Finally, I decided to use TextExpander, which I use regularly on my Mac. I created three abbreviations: ig3d, igshop, and igpup, and when I switched to the TextExpander keyboard and typed in those phrases, they expanded out nicely into the full hashtag sets. Stay tuned. I'll be telling you more about how you can harness the power of TextExpander to increase Instagram hashtag engagement in an upcoming article.

Feeling the love

Over the course of the seven days, I got a lot of likes. Many of my posts had 20-40 likes or more. It was nice to see that level of engagement with my audience.

Likes seem to serve two key purposes. First, they let you know you're engaging with your audience. But it seems that the Instagram algorithm takes likes into account, and so if you get more likes, there's a better chance your post will be highlighted for those scanning the hashtag.

Follower engagement was mixed. I really hoped to be able to tell you that merely by adding some hashtags and posting regularly, I doubled my audience in a week. I didn't.

I went from 187 to 212, or 25 new followers. Now, to be fair, it's still cool that in seven days I increased my followership by 13 percent. It shows that if you do engage, there's a better chance of picking up followers.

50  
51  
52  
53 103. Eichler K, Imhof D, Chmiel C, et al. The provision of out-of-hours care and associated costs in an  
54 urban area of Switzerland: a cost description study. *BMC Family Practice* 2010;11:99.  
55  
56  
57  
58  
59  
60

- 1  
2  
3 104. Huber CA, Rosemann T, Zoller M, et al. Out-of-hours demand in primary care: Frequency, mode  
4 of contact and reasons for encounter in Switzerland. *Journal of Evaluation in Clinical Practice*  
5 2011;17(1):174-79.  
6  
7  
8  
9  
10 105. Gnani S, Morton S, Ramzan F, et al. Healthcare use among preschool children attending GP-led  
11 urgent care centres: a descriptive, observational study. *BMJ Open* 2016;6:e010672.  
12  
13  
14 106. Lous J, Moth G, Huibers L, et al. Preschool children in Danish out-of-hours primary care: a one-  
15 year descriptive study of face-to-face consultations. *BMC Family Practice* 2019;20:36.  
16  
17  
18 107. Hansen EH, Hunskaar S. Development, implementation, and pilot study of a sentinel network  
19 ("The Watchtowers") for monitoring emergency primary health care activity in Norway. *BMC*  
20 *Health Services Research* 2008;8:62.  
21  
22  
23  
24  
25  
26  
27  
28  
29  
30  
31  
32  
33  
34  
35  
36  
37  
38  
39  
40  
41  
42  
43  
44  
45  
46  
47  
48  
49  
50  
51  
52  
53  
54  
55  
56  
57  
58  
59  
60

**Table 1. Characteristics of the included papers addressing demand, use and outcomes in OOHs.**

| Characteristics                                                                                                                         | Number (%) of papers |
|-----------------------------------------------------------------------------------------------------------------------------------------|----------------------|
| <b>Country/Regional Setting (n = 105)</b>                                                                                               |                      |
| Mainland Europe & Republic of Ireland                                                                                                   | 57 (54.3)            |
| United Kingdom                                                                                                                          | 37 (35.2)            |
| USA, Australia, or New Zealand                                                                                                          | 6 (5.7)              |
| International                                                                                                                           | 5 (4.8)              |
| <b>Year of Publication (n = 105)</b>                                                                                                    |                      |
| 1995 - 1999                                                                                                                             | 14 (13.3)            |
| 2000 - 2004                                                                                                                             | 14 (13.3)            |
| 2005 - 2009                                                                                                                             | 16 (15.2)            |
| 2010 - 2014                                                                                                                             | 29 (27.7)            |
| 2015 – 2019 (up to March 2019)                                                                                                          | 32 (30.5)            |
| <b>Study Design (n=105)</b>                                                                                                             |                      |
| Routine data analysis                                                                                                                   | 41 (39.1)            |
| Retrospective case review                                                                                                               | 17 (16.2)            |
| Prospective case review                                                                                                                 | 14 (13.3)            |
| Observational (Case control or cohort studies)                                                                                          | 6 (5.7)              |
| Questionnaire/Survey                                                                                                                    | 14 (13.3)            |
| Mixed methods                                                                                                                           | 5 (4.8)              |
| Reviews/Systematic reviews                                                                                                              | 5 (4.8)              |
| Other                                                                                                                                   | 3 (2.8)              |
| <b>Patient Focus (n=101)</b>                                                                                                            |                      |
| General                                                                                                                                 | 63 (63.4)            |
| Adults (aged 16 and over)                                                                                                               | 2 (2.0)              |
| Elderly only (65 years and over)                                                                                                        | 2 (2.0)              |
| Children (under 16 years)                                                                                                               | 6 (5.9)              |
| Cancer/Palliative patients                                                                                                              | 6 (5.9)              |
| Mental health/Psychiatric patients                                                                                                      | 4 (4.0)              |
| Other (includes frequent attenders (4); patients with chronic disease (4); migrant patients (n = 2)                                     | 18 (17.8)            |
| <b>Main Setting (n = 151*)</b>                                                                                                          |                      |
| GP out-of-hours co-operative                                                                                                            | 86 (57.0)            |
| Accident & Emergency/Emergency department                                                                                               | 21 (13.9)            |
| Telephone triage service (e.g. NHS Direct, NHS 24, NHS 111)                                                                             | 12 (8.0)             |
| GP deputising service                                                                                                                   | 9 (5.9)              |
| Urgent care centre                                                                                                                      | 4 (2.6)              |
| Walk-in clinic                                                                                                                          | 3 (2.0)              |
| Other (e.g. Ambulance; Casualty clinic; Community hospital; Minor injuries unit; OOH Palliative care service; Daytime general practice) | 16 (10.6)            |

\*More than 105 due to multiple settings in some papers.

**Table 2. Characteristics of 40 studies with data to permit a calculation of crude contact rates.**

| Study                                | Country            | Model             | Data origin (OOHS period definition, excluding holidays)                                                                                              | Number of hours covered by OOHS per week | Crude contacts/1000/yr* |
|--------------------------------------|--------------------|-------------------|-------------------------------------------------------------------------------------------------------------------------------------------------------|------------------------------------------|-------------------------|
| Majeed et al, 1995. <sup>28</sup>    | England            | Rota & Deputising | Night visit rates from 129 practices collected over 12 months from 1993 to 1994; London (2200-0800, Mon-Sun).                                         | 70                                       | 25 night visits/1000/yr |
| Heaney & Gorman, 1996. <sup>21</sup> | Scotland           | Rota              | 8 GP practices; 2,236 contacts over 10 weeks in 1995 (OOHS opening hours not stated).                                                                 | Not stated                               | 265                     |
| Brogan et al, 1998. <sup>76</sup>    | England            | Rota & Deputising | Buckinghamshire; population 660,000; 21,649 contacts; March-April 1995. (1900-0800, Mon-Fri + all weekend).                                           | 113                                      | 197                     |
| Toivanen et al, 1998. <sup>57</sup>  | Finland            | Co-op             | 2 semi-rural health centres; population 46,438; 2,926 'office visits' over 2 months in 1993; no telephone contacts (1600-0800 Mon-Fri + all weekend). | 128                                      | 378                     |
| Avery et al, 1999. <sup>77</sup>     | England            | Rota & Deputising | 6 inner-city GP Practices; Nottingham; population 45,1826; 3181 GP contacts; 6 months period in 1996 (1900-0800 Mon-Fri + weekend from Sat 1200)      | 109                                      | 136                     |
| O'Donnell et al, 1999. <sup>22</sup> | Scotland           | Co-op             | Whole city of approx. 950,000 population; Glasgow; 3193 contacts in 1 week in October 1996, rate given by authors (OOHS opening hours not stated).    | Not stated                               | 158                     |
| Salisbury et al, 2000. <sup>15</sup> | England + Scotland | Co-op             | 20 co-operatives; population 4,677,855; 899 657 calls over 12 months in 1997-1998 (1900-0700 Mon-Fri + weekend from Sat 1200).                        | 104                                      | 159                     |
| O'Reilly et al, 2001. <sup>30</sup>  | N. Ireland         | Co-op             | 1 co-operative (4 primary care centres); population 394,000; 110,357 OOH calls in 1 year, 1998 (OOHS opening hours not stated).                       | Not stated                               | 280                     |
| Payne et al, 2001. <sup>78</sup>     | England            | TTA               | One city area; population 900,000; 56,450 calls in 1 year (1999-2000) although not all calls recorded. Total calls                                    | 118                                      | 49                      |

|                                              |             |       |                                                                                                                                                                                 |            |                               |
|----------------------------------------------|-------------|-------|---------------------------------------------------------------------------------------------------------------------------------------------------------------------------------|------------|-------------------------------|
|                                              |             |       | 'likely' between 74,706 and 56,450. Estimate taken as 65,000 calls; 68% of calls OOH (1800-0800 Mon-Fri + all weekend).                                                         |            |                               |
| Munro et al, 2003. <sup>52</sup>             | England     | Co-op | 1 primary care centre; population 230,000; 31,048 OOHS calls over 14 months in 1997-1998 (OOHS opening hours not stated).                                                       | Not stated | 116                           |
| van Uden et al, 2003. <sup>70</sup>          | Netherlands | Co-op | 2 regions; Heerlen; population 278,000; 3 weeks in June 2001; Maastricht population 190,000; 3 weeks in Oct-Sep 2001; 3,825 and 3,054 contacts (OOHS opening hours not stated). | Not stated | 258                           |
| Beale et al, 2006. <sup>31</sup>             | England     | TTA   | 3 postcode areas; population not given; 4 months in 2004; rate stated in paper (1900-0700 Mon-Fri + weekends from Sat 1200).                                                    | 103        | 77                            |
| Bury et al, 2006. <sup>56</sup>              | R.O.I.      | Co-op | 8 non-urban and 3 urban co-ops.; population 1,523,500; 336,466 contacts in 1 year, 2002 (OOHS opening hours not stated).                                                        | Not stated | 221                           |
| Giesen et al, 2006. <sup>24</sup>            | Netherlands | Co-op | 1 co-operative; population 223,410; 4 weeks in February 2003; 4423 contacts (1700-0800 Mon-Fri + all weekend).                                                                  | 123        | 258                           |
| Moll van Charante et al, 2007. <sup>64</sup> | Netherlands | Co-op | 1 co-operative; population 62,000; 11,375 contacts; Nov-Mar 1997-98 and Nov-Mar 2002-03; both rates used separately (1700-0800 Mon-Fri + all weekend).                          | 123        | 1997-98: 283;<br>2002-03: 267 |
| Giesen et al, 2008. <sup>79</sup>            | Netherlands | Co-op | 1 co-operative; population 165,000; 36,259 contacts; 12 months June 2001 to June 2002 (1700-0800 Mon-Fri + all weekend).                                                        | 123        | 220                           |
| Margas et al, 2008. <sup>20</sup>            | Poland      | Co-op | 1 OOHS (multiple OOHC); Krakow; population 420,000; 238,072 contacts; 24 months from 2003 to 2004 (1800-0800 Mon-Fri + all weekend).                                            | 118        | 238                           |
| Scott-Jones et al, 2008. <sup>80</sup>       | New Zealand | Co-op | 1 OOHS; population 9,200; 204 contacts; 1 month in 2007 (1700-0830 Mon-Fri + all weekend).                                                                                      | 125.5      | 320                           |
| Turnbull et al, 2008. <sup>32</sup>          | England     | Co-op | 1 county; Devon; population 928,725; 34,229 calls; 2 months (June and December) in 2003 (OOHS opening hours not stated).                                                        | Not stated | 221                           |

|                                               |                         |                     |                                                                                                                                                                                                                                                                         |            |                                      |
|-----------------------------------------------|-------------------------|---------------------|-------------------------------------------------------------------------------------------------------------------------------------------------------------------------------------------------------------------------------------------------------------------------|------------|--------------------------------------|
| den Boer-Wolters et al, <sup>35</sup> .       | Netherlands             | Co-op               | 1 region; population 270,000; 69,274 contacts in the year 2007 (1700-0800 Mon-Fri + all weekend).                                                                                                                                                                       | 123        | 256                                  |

Lessons learned

For the first few days, I picked up about five new followers a day. But that changed. At about halfway through my experiment, I hit 213 followers. From that point to the end, my follower count dwindled to 210 and improved to 212, on and off, day by day.

I was gaining followers. But I was also losing followers.

I'm pretty sure I know what was happening. It's the dog pictures.

I came to this conclusion by putting myself in the shoes of someone who followed because they saw a cute Pixel pic. I've certainly done that. I've followed people with a cute dog -- but I didn't want to see anything else about their life. I've unsubscribed from some dog owners' feeds because their feed wasn't all dog, all the time.

I suspect that's what happened on my feed. While someone following because they're interested in my DIY-IT projects might enjoy seeing Pixel from time to time, someone who just wants to see cute puppy pictures probably doesn't want to see a pegboard, a microscope, or a 3D printer.

If I wanted to keep all the doggy followers, I could create a separate Instagram account for Pixel, and those folks would probably be satisfied. But using Instagram for outreach is about my work product, not about creating another random cute puppy account. So, for me, I'm willing to take the adds and drops from dog fans, as long as I service my core audience, the same folks who read my work here on ZDNet.

Another lesson I learned was that it's often difficult to find something to post. I was able to create enough pictures by keeping the Instagram project in mind, but I had to pay conscious attention to specifically taking pictures for Instagram as a tool for outreach. I couldn't just mine my photo stream and hope for the best.